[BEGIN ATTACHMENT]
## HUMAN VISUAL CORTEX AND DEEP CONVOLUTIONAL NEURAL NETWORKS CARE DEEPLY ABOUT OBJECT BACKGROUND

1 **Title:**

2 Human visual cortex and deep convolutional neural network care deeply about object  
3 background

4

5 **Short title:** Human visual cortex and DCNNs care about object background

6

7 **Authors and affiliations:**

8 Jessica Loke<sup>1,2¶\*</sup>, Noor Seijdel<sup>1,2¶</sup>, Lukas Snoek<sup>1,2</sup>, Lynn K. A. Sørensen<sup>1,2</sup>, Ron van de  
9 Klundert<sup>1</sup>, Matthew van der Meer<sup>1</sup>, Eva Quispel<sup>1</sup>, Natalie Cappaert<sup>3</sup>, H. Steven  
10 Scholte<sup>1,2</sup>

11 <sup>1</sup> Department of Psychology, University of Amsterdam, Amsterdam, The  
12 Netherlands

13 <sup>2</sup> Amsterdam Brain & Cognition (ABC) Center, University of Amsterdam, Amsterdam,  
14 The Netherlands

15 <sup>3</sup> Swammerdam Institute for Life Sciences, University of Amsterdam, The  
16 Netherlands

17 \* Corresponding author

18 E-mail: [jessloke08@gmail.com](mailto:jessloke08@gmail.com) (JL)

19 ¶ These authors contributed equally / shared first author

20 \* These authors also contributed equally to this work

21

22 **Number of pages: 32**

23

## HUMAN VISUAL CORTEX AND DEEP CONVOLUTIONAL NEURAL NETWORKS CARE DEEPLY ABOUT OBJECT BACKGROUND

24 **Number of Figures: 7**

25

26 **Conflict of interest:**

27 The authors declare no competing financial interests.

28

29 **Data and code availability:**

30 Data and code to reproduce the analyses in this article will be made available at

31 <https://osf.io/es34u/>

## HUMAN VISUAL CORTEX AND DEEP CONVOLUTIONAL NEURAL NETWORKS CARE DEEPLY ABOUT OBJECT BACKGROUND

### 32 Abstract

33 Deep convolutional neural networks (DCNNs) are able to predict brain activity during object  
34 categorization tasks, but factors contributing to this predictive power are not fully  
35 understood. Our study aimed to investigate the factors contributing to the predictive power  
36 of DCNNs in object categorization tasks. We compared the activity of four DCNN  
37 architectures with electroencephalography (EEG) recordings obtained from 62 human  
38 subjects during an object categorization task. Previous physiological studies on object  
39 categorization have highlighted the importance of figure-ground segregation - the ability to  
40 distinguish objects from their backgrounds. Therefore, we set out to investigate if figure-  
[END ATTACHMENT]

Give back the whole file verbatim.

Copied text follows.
## HUMAN VISUAL CORTEX AND DEEP CONVOLUTIONAL NEURAL NETWORKS CARE DEEPLY ABOUT OBJECT BACKGROUND

1 **Title:**

2 Human visual cortex and deep convolutional neural network care deeply about object  
3 background

4

5 **Short title:** Human visual cortex and DCNNs care about object background

6

7 **Authors and affiliations:**

8 Jessica Loke<sup>1,2¶\*</sup>, Noor Seijdel<sup>1,2¶</sup>, Lukas Snoek<sup>1,2</sup>, Lynn K. A. Sørensen<sup>1,2</sup>, Ron van de  
9 Klundert<sup>1</sup>, Matthew van der Meer<sup>1</sup>, Eva Quispel<sup>1</sup>, Natalie Cappaert<sup>3</sup>, H. Steven  
10 Scholte<sup>1,2</sup>

11 <sup>1</sup> Department of Psychology, University of Amsterdam, Amsterdam, The  
12 Netherlands

13 <sup>2</sup> Amsterdam Brain & Cognition (ABC) Center, University of Amsterdam, Amsterdam,  
14 The Netherlands

15 <sup>3</sup> Swammerdam Institute for Life Sciences, University of Amsterdam, The  
16 Netherlands

17 \* Corresponding author

18 E-mail: [jessloke08@gmail.com](mailto:jessloke08@gmail.com) (JL)

19 ¶ These authors contributed equally / shared first author

20 \* These authors also contributed equally to this work

21

22 **Number of pages: 32**

23

## HUMAN VISUAL CORTEX AND DEEP CONVOLUTIONAL NEURAL NETWORKS CARE DEEPLY ABOUT OBJECT BACKGROUND

24 **Number of Figures: 7**

25

26 **Conflict of interest:**

27 The authors declare no competing financial interests.

28

29 **Data and code availability:**

30 Data and code to reproduce the analyses in this article will be made available at

31 <https://osf.io/es34u/>

## HUMAN VISUAL CORTEX AND DEEP CONVOLUTIONAL NEURAL NETWORKS CARE DEEPLY ABOUT OBJECT BACKGROUND

### 32 Abstract

33 Deep convolutional neural networks (DCNNs) are able to predict brain activity during object  
34 categorization tasks, but factors contributing to this predictive power are not fully  
35 understood. Our study aimed to investigate the factors contributing to the predictive power  
36 of DCNNs in object categorization tasks. We compared the activity of four DCNN  
37 architectures with electroencephalography (EEG) recordings obtained from 62 human  
38 subjects during an object categorization task. Previous physiological studies on object  
39 categorization have highlighted the importance of figure-ground segregation - the ability to  
40 distinguish objects from their backgrounds. Therefore, we set out to investigate if figure-  